One of the original propagators of gender being a “social construct” now admits it was a bad idea gone horribly wrong.
Christopher Dummitt says he made it all up and wishes he could take it back.
And this proves that the gender identity movement that’s taken control of the left and harming our children is based entirely on fake science.
It’s all over the news, in your email inbox, ingrained in left-wing politics, and even in your children’s schools.
Every day we are bombarded with the idea that there are either no genders at all or there are up to 76 separate genders.
Children are being given dangerous drugs to “help” in their evolution from one sex to another, schools are being forced to teach this new “science,” and anyone not on board is ridiculed, dismissed, or even physically attacked by the radical left.
But, where did this idea of gender identity being a “social construct” come from?
There must be scientific proof, afterall, the left is the party of “science.”
Well, Christopher Dummitt, a Canadian historian and professor, is one of the originators of the “social construct” movement and recently admitted on the website Quillette it was entirely made up.
At the time, Dr. Dummitt and others in the academia culture believed they were uncovering hidden proof that white males, in particular, oppressed whole groups of people.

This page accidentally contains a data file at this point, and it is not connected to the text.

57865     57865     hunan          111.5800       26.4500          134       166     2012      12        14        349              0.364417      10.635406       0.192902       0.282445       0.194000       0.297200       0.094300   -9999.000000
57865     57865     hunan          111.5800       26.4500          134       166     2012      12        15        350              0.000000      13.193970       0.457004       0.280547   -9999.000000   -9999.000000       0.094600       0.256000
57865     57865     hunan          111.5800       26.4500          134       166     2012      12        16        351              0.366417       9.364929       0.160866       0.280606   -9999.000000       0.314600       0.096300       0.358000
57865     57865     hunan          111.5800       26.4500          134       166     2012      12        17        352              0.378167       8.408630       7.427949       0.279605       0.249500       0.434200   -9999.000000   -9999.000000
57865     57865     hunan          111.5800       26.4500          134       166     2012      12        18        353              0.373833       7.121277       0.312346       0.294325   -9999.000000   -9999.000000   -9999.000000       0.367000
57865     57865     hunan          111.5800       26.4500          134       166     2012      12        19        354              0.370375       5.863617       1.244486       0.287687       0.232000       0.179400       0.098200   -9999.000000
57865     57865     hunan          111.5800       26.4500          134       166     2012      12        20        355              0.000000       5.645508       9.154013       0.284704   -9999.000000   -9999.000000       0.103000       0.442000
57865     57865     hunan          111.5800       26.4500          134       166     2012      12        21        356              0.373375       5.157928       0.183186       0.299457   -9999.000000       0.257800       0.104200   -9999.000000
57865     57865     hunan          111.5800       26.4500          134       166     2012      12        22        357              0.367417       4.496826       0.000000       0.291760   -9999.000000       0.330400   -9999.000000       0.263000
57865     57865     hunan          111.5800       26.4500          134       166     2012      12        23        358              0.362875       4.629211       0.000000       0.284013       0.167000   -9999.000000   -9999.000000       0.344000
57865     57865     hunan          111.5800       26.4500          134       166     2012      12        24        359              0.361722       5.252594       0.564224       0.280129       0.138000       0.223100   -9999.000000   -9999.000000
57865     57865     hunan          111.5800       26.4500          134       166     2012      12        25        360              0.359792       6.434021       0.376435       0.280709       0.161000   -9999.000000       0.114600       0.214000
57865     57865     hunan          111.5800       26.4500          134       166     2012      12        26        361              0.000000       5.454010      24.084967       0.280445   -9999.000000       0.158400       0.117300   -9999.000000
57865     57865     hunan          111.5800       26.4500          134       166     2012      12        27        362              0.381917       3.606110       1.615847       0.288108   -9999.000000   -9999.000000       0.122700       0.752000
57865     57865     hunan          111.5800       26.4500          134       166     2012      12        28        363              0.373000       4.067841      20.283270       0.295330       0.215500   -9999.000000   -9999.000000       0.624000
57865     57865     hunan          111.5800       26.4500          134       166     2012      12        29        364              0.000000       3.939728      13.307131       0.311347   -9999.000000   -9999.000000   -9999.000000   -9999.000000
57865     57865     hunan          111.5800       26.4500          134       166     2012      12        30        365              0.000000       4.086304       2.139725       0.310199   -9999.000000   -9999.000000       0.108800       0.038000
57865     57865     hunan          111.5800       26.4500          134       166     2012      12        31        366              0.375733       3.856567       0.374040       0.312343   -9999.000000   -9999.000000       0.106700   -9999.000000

They argued that almost everything in society was based on a phony social construct in order to preserve white male power and keep marginalized groups subjugated.
Included in this white male dominance was the very difference between men and women.
But Dr. Dummitt says there was never any proof of this.
In fact, when he needed “proof” for his theory, he just cited other leftist scholars and professors who were saying the same things. This was especially true “if their names were French.”
Dr. Dummitt indicates in his Quillette article that for many of his fellow social-construct thinkers, putting out these wild and bizarre claims was half the fun.
For instance, Dummitt had written a very scholarly sounding piece about how the rise of backyard grilling in post-war Canada was an expression of patriarchy.
“I should have known better,” Dummitt says.
“…that’s what makes it so disappointing to see that the viewpoints I used to argue for so fervently—and so baselessly—have now been accepted by so many in wider society.”
But with the out-of-control and often violent identity politics we’re observing across America, it’s way too late to put it back in the bottle.
And for better or worse, this is an issue conservatives and libertarians alike will have to grapple with for the foreseeable future.